Pavel Čermák

* 1957

  • "At the time we were in high combat readiness, and the way I felt it, it was like they’d thrown me into cold water. They rip you from your civilian life, and you basically have no idea how things work anymore. We were under the laws of the prison, and when they promised you that they'd kill you overnight, you could trust them on that. We slept in our clothes, our boots, and there was a full kit at the foot of every bed. The tanks were out, a full load of ammunition for both cannon and machine gun. I spent my time in complete uncertainty and ignorance. Even the officers knew nothing, or they didn’t want to tell. I think they were just as scared as we were, because no one knew anything at all. Radio was banned, television - normally mandatory - [was banned] too. So we were in a kind of vacuum."

  • “Of course I was scared and I couldn’t sleep. My subordinates were the same. I always imagined some city. Say, Poznań. I envisioned it as this ancient little town with winding alleys. We’re driving along in our tanks, and as commander I’m sitting in the turret. Suddenly a thirteen-year-old boy runs out from round a corner, he’ll have a Molotov cocktail in his hand and he’ll want to throw it at our tank. For several nights I pondered what I’d do. I note that hypothetically this was a normal thirteen-year-old boy who hadn’t done anything bad. He was just defending his country against occupiers and aliens, which is every man’s duty in a way. And what will I do? I thought about it from many different perspectives. I came to the conclusion that I would shoot him, for one simple reason. There are three soldiers below me who trust me and three more of my tanks behind, and their crews are also relying on me.”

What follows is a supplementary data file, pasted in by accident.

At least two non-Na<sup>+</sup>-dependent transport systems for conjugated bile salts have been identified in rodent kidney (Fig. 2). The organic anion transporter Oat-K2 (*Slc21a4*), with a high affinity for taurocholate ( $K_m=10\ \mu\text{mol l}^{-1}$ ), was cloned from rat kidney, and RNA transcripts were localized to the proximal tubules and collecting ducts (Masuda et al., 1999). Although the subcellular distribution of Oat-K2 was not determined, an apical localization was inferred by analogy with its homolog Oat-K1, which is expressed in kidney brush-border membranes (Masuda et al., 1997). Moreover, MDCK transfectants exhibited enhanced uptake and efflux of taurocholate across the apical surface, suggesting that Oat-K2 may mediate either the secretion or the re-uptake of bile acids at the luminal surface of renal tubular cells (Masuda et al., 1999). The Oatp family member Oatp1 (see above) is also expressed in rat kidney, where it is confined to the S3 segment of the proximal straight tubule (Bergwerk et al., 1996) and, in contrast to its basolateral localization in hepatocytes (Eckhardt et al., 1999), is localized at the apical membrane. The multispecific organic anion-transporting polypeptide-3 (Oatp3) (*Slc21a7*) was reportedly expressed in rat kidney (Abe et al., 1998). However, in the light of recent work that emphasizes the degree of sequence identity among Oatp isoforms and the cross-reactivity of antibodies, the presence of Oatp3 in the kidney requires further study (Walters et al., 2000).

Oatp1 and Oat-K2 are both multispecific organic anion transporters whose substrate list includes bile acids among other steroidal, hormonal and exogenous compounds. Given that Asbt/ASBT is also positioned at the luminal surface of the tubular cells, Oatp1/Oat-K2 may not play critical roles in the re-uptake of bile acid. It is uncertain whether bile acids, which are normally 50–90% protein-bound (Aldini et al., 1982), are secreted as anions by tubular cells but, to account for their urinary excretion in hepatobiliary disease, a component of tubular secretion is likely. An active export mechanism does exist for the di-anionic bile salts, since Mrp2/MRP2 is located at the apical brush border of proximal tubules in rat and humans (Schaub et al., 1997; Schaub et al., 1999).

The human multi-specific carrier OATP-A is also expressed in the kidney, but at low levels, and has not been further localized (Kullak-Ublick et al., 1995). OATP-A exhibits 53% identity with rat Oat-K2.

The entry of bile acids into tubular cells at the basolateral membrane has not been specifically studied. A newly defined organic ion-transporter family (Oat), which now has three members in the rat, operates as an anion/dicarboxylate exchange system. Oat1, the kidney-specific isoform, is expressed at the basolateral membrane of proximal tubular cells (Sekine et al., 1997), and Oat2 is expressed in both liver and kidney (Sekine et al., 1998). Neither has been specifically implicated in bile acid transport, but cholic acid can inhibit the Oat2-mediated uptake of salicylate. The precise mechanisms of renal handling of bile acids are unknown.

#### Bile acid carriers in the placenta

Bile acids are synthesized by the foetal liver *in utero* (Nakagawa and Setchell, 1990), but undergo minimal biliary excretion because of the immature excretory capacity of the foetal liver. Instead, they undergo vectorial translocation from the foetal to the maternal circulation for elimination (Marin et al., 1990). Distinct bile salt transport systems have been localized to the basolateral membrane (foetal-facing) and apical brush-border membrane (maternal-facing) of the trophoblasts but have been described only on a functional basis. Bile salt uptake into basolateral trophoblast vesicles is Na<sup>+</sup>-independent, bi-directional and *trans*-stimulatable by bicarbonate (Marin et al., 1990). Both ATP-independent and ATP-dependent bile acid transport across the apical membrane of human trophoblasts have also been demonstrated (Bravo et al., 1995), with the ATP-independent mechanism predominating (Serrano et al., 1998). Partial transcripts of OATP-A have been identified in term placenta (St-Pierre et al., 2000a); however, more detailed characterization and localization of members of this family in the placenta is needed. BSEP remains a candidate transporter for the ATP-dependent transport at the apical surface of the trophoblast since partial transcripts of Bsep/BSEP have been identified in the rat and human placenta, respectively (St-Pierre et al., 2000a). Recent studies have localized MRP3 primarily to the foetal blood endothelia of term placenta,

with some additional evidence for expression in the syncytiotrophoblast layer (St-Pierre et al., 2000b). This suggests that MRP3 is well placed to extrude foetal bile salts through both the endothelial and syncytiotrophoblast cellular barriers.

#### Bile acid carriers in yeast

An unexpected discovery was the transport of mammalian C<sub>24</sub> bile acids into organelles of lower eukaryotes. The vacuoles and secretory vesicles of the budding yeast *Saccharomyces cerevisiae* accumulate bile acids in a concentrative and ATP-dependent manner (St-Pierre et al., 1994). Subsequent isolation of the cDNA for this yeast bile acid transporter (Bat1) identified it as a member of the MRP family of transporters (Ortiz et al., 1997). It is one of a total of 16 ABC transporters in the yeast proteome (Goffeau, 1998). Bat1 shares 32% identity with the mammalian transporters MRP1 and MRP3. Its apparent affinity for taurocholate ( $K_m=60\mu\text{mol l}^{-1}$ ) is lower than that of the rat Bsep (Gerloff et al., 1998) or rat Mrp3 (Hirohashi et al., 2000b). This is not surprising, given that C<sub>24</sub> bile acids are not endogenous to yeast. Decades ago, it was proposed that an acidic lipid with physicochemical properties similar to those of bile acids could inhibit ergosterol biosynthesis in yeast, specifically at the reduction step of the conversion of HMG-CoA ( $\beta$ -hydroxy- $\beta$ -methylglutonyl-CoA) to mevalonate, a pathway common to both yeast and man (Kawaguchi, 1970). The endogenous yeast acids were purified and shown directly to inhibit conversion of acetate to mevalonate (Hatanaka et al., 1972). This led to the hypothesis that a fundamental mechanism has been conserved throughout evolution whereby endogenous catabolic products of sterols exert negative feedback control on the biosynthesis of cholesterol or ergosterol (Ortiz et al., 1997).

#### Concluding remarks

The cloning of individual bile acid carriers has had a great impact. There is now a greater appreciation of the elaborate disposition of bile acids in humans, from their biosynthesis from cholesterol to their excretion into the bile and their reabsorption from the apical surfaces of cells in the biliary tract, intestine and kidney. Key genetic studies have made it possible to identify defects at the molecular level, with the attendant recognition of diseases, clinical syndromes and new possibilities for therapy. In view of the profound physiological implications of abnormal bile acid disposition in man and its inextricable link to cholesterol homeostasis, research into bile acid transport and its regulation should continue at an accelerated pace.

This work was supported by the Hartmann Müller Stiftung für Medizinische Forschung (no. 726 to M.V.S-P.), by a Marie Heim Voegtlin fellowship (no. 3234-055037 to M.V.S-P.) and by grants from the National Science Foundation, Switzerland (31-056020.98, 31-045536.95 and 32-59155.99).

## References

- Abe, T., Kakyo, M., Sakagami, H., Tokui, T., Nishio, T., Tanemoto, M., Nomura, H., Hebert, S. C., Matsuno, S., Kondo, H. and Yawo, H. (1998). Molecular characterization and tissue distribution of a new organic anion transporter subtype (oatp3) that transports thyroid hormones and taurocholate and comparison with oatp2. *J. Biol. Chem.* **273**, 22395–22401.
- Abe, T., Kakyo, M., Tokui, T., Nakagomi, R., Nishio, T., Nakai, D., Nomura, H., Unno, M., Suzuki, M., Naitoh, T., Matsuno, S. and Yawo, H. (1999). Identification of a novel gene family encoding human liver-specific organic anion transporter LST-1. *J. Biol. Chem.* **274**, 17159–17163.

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    Hradec Králové, 12.01.2016

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They thought they had attacked Poland

Pavel Čermák - 1980
Pavel Čermák - 1980
photo: archiv pamětníka

Pavel Čermák was born on 9 April 1957 in Hradec Králové. After graduating from the School of Law of Charles University in Prague, he began his compulsory military service with the 21st Tank Regiment in Žatec on 1 December 1980. He was immediately made commander of the 1st Platoon and second-in-command of the 3rd Company. Five days later the Czechoslovak People’s Army geared up for the Krkonoše field exercise, which was to demonstrate that the Warsaw Pact forces were prepared to intervene against anti-Socialist groups in Poland. These were mainly members of the ever-growing independent trade-union movement Solidarność (Solidarity). Rumours spread among the soldiers of an attack on Poland, and although the main part of the 21st Tank Regiment did not participate in Operation Krkonoše in the end, the soldiers were kept in a state of combat readiness for several days. Pavel Čermák remembers that he was worried about the Poles offering armed resistance, he did not sleep properly for several days, and images of him shooting at innocent civilians tormented his mind. After completing military service he went through several jobs in the legal profession, and after the fall of Communism he briefly did business. He still lives in Hradec Králové.